Between life’s pages

About eighteen months ago I wrote a post (Bookmarking our Lives) about the ‘found objects’ that we sometimes come across tucked inside second-hand books – or perhaps inside those books that we ourselves have owned for a while. I noted the ways these items, often used as book marks, are a sort of historical document – of other lives or of our own: old photos, press cuttings, pressed flowers from treasured summer days…

Barley water for the invalid…’

I am revisiting this topic as I (finally) get around to repairing the spine of an old cookery book I took from my grandmother’s house, shortly before she died a few years ago. It is a copy of Cookery Illustrated and Household Management, edited by Elizabeth Craig and published in 1936 (a couple of years before my grandmother got married). Even in very good condition it is worth just £30 (about $41 US) and in this poor condition, effectively nothing. But no matter. It is a family artefact, part of our small shared history, so it has a place on the shelf alongside my collection of vintage (vegetarian) cookbooks. These themselves have been a source of torn-out recipes and inscriptions, which I cherish as a part of the books themselves.

In the process of my amateur repairs to Cookery Illustrated, I came across a few more found objects stuffed between the pages- including envelopes of scrawled bill calculations, a leaflet of recipes published by the Milk Marketing Board, the hand-written instructions for ‘Easy Pizza’ that includes beef suet, and another for a ‘quick’ currant cake – that also calls for suet (yikes).

It might suit a happy, rose-tinted narrative to mention what an excellent cook my grandmother was, how the cookbook reminded me of the many traditional home-baked treats she pulled from the oven during my childhood, an ever-present pinny tied around her waist. But that is not the case: she was a reluctant and poor cook. Eager to learn shortcuts and get herself back out of the kitchen, she embraced her microwave from the 1980s onwards. The recipe for ‘easy’ pizza, for instance, is far more representative of her approach than the recipes for ‘jugged hare’ or ‘Ayrshire shortbread’ that the book contains. So my memories are not of Proustian madeleines, but of swallowing down gristle and grey-edged boiled potatoes (that may be the image of English cooking you have in any case, but it’s not always like that – honest!)

Written in her own hand

Anyway, I guess the book does remind me of her – albeit in some indirect way. And it is the hand-written items that are the most personal, of course. In a recent article, food writer and critic Jay Rayner writes of family collections of recipes, cut out, pasted and loosely bound, now imperilled by access to recipes online. Rayner quotes one family-recipe book compiler as saying: “And there’s a Yorkshire curd tart recipe from my late sister written in her own hand, and that’s very important.” As someone with a late sibling myself, that brought a tear of empathy to my eye.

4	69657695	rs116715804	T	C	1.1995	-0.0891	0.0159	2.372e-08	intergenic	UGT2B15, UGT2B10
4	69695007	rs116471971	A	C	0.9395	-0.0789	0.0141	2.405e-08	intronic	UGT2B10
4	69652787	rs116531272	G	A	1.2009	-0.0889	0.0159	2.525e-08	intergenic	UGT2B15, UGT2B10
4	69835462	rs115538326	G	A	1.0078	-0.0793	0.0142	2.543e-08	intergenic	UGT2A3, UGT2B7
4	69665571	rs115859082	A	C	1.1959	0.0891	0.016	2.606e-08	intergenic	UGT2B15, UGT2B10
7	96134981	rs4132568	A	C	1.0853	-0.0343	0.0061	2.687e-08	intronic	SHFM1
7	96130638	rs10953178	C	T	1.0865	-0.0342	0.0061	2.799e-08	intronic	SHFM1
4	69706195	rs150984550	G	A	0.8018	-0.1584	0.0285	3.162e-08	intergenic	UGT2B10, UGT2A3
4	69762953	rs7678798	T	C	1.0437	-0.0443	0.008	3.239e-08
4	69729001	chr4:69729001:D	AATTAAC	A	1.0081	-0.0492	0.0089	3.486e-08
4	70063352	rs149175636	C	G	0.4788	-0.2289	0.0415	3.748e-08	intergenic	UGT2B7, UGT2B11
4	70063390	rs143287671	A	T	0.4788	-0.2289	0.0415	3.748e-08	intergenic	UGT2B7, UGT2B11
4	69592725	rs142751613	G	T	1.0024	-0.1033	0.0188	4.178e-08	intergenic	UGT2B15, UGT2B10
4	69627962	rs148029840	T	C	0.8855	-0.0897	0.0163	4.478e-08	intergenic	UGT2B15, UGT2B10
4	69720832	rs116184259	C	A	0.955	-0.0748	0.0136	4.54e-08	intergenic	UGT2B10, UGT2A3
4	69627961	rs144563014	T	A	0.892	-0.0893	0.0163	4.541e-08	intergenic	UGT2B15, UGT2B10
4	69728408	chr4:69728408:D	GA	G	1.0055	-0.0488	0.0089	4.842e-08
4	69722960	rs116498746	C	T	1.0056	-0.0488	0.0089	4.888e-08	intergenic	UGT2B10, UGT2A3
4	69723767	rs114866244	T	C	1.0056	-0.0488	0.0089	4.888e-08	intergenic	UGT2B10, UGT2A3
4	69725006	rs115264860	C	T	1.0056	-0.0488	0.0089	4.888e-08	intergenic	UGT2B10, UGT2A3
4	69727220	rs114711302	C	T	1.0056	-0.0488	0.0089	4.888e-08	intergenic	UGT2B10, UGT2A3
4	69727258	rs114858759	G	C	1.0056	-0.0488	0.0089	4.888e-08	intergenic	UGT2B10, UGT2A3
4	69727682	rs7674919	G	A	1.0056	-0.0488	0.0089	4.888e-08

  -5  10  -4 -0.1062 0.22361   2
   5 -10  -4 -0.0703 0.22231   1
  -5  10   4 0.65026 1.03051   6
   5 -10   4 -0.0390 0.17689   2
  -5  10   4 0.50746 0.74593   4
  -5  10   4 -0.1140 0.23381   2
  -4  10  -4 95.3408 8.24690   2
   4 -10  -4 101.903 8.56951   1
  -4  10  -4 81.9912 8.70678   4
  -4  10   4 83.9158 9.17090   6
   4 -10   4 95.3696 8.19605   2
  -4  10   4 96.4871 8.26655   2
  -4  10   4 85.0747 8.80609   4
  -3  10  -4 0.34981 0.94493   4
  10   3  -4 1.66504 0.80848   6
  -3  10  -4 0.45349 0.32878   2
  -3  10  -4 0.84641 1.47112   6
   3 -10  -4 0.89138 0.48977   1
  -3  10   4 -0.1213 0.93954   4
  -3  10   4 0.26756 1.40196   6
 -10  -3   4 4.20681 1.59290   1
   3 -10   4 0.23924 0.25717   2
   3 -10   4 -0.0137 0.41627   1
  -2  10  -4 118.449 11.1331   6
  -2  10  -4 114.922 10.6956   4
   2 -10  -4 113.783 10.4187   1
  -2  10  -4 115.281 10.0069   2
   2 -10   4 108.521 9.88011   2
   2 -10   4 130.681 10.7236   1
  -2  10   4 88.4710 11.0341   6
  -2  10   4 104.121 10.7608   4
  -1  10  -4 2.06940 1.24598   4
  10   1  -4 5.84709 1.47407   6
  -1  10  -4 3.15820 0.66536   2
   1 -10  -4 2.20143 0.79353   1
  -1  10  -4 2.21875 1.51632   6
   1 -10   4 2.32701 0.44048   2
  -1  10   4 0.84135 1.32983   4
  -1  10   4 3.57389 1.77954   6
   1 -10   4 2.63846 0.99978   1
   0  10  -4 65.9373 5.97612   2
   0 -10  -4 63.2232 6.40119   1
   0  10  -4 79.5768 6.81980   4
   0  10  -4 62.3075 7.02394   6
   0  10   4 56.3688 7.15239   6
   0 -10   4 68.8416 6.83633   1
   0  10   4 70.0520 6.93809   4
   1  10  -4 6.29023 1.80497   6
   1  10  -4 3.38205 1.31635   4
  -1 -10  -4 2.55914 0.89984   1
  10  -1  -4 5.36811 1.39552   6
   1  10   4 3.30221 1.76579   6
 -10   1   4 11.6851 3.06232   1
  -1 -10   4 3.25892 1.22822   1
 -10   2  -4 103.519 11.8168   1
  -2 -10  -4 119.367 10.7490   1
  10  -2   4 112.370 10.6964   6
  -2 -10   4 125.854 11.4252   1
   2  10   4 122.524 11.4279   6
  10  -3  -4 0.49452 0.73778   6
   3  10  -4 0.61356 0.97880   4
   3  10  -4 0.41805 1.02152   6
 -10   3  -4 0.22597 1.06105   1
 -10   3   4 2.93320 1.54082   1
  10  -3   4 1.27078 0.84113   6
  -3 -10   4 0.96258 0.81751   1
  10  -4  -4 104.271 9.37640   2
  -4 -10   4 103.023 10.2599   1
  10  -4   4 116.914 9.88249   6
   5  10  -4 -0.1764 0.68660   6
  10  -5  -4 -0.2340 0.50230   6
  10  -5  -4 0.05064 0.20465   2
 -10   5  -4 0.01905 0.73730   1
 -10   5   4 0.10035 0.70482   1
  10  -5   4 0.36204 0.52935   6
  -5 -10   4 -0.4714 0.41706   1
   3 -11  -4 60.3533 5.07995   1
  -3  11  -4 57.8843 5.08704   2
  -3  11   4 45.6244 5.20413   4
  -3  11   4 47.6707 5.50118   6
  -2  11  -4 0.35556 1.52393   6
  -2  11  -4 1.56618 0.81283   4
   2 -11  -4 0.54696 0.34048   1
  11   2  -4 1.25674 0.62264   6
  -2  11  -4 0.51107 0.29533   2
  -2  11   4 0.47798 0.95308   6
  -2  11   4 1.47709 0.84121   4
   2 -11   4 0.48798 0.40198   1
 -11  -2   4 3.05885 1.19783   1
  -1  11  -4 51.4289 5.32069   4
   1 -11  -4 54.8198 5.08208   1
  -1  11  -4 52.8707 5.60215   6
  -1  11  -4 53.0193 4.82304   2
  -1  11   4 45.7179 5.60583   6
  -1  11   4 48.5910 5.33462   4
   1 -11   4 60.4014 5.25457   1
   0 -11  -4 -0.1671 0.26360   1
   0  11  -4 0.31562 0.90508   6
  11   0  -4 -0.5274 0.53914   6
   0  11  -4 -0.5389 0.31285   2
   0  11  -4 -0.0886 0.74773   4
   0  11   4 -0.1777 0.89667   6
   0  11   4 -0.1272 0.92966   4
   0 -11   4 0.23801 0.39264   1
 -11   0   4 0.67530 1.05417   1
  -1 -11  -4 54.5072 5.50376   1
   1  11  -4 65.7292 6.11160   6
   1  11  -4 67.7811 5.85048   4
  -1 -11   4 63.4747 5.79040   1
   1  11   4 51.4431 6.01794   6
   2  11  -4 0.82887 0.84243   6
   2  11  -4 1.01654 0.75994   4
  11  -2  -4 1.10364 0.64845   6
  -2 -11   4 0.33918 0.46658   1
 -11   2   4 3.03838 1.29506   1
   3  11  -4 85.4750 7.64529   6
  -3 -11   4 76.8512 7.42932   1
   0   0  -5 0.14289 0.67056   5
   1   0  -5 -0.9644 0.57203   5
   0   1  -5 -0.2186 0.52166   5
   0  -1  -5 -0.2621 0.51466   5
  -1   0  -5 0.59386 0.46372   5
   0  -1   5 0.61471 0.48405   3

The Forgotten Books website, kept by owner of Popeks bookstore Michael Popek, collects and catalogues the various, often unusual, things he finds inside the pages of old books – bookmarks, of course, also drawings, letters, poems, banknotes, invitations, postcards… He includes images of these items, and they’re wonderful, well worth a look. Popek has also published a scrapbook of the items and a digest of found handwritten recipes. The latter appears to be as much a peek into other lives and modern history as it is a recipe collection.

Recipes aside, Abe Books has an article on Things Found in Books. These include baseball cards; a baby’s tooth(!); an airline boarding pass from Liberia to the US, and more valuable items, including money and a diamond ring. The most valuable mentioned (in many ways) is a letter by author CS Lewis, and amongst the least pleasant items a dusty chocolate chip, a dead cockroach, and a (mercifully, unused) condom.

Aside from the items themselves, some of these could be used as the stimulus for a piece of creative writing. There’s an idea.

Do you have treasured books passed on from your family?
What strange or interesting items have you found tucked between the pages of old tomes?





22 thoughts on “Between life’s pages

  1. That makes me finally want to put all my recipes together. I’ve got them ranging across different notebooks, and these days, just bookmarked on the internet. It’d be nice to put them together in one place, a place that’s not online.

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    1. It sounds like a lovely thing to do and to be able to pass on. It’s one of those occasions where online material cannot replace physical books – seeing annotations and marginalia, sections pasted in, even gravy stains… It all calls to us from the past.

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  2. I admit I have never found anything tucked in a book. My parents are not avid readers like I am.

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    1. Interesting how reading does not run in families – I could put a £50 note in many a book and my daughter would never find them 🙂

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  3. I do stick things in books but rarely find any. This was a haunting read.

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    1. I hadn’t thought of it that way, that finding artifacts from the past is like the little shiver of a ghost – pleasant or otherwise!